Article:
Monday, February 23, 2009

Another Perspective on Consumption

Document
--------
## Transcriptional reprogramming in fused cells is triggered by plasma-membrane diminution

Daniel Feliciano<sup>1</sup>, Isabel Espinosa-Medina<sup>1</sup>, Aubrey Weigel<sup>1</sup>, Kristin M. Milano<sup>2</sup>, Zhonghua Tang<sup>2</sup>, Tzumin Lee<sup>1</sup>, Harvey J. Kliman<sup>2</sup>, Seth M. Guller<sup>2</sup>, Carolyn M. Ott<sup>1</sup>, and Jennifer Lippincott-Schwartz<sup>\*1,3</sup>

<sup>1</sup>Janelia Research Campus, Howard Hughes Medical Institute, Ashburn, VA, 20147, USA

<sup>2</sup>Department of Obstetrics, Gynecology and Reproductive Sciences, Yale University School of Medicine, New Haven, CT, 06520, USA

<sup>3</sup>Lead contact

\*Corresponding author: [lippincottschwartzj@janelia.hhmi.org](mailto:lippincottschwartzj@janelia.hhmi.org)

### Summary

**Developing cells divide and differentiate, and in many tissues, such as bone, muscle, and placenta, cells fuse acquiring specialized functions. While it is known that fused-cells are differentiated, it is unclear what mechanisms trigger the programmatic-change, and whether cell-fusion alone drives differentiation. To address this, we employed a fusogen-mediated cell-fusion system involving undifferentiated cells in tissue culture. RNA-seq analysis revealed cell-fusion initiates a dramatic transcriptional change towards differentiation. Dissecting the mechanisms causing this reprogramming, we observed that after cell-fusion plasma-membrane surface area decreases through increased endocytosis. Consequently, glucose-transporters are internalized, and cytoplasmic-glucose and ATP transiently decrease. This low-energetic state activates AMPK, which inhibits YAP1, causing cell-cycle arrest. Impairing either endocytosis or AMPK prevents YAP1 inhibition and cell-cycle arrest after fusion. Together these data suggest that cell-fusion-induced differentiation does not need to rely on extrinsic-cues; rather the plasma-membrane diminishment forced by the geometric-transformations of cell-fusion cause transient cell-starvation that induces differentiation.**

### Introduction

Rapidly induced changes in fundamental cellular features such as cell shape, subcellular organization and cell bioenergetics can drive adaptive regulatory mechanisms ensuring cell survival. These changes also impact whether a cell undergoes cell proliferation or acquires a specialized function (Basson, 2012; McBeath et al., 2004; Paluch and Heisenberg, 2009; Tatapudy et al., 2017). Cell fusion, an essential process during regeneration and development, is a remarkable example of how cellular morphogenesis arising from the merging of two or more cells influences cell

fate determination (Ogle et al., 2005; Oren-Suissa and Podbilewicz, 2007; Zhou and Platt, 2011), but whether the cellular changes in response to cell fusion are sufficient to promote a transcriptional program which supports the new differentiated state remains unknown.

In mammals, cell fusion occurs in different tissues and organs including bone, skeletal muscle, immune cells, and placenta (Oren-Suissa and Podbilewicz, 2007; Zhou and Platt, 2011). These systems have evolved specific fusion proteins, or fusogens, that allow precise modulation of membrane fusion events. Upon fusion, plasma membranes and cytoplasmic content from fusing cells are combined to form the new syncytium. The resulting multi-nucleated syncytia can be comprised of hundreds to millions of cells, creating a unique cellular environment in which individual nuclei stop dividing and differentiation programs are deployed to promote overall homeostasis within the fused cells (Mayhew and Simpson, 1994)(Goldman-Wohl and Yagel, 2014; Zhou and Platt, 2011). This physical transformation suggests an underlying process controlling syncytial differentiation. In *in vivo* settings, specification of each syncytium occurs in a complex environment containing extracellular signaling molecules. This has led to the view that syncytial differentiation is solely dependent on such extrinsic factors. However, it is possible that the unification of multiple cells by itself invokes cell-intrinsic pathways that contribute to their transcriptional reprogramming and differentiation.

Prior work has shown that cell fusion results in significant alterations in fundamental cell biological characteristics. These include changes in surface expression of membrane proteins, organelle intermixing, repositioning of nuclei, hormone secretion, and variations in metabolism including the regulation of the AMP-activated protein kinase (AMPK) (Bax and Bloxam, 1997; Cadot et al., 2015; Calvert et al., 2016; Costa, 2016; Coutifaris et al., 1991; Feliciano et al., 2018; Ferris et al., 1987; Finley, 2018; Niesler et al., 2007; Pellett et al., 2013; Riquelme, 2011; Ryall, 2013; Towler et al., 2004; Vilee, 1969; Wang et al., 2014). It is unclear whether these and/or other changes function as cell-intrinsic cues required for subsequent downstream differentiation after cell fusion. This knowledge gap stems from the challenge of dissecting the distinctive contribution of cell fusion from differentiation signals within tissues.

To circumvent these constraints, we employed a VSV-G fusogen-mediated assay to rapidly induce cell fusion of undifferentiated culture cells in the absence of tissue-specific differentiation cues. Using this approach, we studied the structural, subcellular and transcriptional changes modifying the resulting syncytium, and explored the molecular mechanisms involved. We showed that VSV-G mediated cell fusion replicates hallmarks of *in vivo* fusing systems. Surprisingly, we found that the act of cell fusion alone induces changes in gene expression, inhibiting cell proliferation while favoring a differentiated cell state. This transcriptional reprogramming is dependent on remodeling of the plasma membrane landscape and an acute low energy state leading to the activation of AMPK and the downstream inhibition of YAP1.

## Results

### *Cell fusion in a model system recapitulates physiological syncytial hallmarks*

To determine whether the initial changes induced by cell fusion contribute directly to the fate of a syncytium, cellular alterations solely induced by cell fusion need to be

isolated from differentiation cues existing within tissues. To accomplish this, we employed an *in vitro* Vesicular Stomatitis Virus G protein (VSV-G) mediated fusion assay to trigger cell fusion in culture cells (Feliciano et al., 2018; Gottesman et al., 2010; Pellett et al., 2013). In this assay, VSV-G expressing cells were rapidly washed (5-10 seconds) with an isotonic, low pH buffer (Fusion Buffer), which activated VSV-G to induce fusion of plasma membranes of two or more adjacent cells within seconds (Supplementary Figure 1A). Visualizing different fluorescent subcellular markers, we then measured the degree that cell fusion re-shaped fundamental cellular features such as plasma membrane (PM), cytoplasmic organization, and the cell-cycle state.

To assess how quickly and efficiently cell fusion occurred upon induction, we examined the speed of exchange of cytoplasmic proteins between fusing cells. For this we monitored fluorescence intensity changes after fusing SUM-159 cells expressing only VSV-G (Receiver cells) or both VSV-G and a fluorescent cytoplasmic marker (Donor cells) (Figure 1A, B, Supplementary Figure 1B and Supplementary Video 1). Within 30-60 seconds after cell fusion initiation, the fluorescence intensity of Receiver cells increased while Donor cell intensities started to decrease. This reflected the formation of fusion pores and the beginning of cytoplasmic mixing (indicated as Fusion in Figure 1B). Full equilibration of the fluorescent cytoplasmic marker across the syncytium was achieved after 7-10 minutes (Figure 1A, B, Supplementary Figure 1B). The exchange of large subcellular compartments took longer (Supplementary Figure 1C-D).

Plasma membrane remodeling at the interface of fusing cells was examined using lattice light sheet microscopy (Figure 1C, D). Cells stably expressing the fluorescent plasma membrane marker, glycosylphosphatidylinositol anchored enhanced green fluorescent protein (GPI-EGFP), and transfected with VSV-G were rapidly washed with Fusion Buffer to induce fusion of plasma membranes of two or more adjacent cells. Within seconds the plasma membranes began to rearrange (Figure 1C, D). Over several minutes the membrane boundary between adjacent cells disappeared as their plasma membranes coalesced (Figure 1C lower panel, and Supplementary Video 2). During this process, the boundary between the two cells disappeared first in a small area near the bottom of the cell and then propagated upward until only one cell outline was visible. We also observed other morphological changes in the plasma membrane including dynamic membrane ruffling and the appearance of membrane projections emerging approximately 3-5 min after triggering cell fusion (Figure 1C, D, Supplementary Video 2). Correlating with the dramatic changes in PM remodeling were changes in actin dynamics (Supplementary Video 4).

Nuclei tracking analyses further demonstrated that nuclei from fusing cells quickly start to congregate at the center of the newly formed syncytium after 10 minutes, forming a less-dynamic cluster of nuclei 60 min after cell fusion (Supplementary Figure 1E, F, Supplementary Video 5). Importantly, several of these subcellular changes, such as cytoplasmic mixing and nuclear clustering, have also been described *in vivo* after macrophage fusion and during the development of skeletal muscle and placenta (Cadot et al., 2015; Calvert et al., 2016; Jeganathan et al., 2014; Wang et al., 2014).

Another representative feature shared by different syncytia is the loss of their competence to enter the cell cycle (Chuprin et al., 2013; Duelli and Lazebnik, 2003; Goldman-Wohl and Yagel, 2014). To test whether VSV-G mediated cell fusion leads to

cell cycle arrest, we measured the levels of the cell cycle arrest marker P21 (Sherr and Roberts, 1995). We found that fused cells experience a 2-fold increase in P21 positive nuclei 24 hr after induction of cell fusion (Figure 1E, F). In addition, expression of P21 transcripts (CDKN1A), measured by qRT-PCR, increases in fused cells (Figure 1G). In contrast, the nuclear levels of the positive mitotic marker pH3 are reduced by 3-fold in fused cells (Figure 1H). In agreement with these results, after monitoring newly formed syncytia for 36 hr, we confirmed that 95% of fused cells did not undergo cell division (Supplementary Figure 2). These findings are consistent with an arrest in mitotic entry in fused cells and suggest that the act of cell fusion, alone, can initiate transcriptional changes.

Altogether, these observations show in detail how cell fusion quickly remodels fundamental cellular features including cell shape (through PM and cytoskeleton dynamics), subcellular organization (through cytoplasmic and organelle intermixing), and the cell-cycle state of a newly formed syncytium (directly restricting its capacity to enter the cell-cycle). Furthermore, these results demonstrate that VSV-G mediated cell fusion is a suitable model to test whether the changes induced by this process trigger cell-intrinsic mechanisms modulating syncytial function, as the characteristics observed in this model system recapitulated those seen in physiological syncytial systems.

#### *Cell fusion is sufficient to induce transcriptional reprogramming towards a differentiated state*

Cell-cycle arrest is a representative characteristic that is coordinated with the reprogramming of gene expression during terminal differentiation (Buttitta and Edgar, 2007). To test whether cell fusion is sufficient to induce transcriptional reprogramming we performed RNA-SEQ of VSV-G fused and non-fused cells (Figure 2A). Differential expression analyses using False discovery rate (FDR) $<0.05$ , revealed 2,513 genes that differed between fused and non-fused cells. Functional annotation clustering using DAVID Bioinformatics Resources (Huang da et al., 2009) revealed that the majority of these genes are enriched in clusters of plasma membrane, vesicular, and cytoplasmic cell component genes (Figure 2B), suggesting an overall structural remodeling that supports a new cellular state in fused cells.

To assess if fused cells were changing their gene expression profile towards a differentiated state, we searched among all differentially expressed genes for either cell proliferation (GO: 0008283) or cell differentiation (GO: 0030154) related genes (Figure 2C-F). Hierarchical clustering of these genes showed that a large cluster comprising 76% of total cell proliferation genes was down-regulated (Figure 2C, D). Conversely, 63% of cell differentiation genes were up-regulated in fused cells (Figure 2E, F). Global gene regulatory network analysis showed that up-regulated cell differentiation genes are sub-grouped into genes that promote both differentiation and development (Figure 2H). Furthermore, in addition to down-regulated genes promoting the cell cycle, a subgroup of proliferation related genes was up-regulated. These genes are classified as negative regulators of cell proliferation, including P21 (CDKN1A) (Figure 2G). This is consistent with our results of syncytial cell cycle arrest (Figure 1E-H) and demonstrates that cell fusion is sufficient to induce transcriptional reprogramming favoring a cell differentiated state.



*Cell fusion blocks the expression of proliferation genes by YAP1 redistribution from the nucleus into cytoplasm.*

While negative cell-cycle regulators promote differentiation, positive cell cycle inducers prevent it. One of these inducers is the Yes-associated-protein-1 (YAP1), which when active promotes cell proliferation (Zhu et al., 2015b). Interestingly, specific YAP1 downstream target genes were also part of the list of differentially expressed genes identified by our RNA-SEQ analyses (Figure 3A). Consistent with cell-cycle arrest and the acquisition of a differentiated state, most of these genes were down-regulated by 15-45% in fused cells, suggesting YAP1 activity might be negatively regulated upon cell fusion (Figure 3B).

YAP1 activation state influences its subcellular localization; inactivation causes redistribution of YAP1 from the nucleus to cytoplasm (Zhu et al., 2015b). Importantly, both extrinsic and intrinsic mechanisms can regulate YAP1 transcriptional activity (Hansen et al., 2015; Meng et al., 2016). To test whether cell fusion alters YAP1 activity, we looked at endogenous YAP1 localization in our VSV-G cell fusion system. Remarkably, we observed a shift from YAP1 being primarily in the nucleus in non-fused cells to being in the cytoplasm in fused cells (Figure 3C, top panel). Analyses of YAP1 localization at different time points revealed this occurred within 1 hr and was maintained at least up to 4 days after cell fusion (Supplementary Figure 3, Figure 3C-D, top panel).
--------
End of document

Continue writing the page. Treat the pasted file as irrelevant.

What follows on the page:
I was just reading a New York Times article about how devastating it is for Japan's economy that its people are saving their money instead of spending it. The idea is that consumers drive an economy, and when consumers don't consume, the economy is not driven. Then people get laid off, they have less money, they buy even less, and the whole economy goes into a downward spiral. Clear enough. Another perspective says, however, that you can't keep supplying increasing billions of people with stuff. The environment can't take it, and anyway the resources aren't there. There's a real risk -- a reality, for millions upon millions of people -- that even food will become scarce and unaffordable. You hear farmers talk about "potatoes made of oil," for instance, and you realize that even agriculture is heavily dependent on petroleum and other industrial inputs. If we hadn't had marketers and advertisers and salespeople to sell us all kinds of crap for all these many years, maybe we wouldn't have bought so much of it to begin with. There's no law of human nature that says people are happier when they have to spend more of their precious time buying, installing, cleaning, fixing, insuring, adjusting, storing, and otherwise screwing around with a houseful of random gizmos. Not to put all the blame on the marketers et al.; the point is just that it somehow became normal to create demand, when common sense would suggest that this is actually abnormal. So what are the Japanese doing with their savings? They are protecting themselves in case their pension and retirement system falls short. Not a bad plan. If having the extra doodad in your house means someone in your family will not be able to afford the critically needed bit of food or medical care in a pinch, it could be reasonable to ask whether that doodad was really so bloody necessary. It has become normal to believe that people are supposed to spend their lives working for someone else, doing what that other person tells them to do, having a sense of self-worth and an ability to live and enjoy life for only as long as that seems appropriate to the other person. Under such an arrangement, people spend the bulk of their adult lives away from the people and things that matter most to them. It is a strange arrangement. In a world that has the technology to satisfy so many needs and desires so easily, it does seem extreme that we would all find ourselves compelled to work nonetheless -- and even then, in many cases, not to be able to afford the essentials.